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Nov 30 2012

Sneaking this in before Anti-Caturday

And therein hangs a tail.

The Arizona Game and Fish Department released a camera trap photo this past week that shows what Game and Fish has officially decided is a jaguar, or at least the last bit of one, in the Santa Rita Mountains southeast of Tucson, Arizona. The photo was captured in September. 

This is big news for a couple reasons. The jaguar, North America’s largest cat, has been more or less extirpated from Arizona and New Mexico, which were part of the species’ historic range. (As was much of the southern US, a couple hundred years ago, from California to Texas, with vagrants wandering as far east as North Carolina.) But there’s a population of the cats centered in Northern Mexico about 140 miles south of the border from which individual males have been found heading to El Norte every now and then. (No females have been found in the US since the species’ rediscovery in the states in 1996.)

Naturally, wildlife protection folks are thrilled every time it seems as though a formerly native big predator might be making a comeback, and jaguars are no exception. The conservation group Center for Biological Diversity sued the US Fish and Wildlife Service a few times starting in 2003 to force the agency to designate critical habitat for the cat, which would provide a meager amount of protection to lands the jaguar might possibly use in the US. This past summer the Feds actually did designate some critical habitat for the jaguar, more than 830,000 acres of it in six chunks across the mountains of southern Arizona and New Mexico. (The area works out to just under 3,400 square kilometers for those of you in the civilized world.)

(Also for those of you in the civilized world: it’s pronounced either “ha-guar,” as the Sonorans do, or “dzha-guar,” like Western U.S. gringos do.  The three-syllable “dzha-gyew-are” pronunciation is ridiculous and decadent and you should stop it immediately.)

6,990 acres of land in that critical habitat is set to be gouged out and blasted away as part of the proposed and controversial Rosemont Copper Mine in the Santa Ritas. Another 138,000 acres or so is expected to be significantly impacted by mining activites, including noise, dust, traffic, and things like leachate. Understandably, there’s controversy over whether a large copper mine is really the right use for habitat deemed critical for the survival of an endangered species, especially when the region has existing mines that are just waiting for a rise in the price of copper to become economically viable again.

The U.S. Forest Service announced a couple of weeks ago that it wasn’t going to meet an informal December goal for releasing the Final Environmental Impact Statement for the Rosemont Mine project. That may be, in part because — as the scuttlebutt has it — the cat tail photo reposted above was apparently taken right on the edge of what would be come the mine’s pit. I can imagine that would throw a wrench into the document preparation.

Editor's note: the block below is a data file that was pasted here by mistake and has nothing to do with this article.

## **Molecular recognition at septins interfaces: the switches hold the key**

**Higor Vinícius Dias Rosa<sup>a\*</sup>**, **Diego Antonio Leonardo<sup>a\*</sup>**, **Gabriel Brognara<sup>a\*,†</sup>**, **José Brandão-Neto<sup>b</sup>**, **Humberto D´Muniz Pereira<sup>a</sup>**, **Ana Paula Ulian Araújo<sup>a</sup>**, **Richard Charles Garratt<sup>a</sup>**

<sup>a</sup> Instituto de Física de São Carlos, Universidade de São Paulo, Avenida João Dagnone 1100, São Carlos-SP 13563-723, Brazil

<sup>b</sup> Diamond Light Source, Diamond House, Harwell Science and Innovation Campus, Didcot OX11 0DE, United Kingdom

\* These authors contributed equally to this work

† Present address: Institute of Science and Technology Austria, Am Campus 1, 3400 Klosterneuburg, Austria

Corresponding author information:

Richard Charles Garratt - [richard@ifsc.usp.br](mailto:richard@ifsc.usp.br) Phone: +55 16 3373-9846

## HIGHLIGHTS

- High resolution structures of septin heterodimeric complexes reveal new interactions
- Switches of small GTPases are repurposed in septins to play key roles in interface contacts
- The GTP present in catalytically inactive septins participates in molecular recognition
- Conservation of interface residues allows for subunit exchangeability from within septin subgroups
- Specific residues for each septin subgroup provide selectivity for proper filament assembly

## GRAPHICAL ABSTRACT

Of course, as big and troubling as the mine is, there are a couple larger issues facing the jaguars of Arizona and New Mexico. Roaming males do not a viable population make. The jaguar’s core Northern Mexican populations in Sonora and Jalisco are in better shape, but they’re not without threats from ranching, development, and hunting. And if those populations are protected sufficiently, and we manage to establish protected habitat up north for them to wander into, there’s the small issue of the 1,951-mile fence some yahoos have decided we need running between San Diego and Brownsville, Texas.

This isn’t the only recent prominent jaguar sighting in the area. Not far from where the above cat tail was photographed, a male jaguar — dubbed Macho B — was captured in 2009 in a foothold snare set for bears and pumas, then radio-collared and released by AZ Game and Fish workers. Game and Fish maintains the capture was accidental, though subsequent investigation by the Interior Department’s Office of the Inspector General found that may not have been precisely accurate. A few days after his capture and release Macho B stopped moving. He was located and recaptured, brought to a zoo veterinarian and euthanized after vets determined his kidneys had failed. Macho B was between 16 and 20 years old, pretty old for a wild jaguar, and the investigation linked above suggests that he may have had chronic kidney disease that was worsened by his breaking a canine about when he was captured. The OIG report concluded that Macho B’s initial capture was probably deliberate and certainly illegal. Game and Fish rejects the report’s conclusions, predictably. The documents are sad reading whichever side you believe.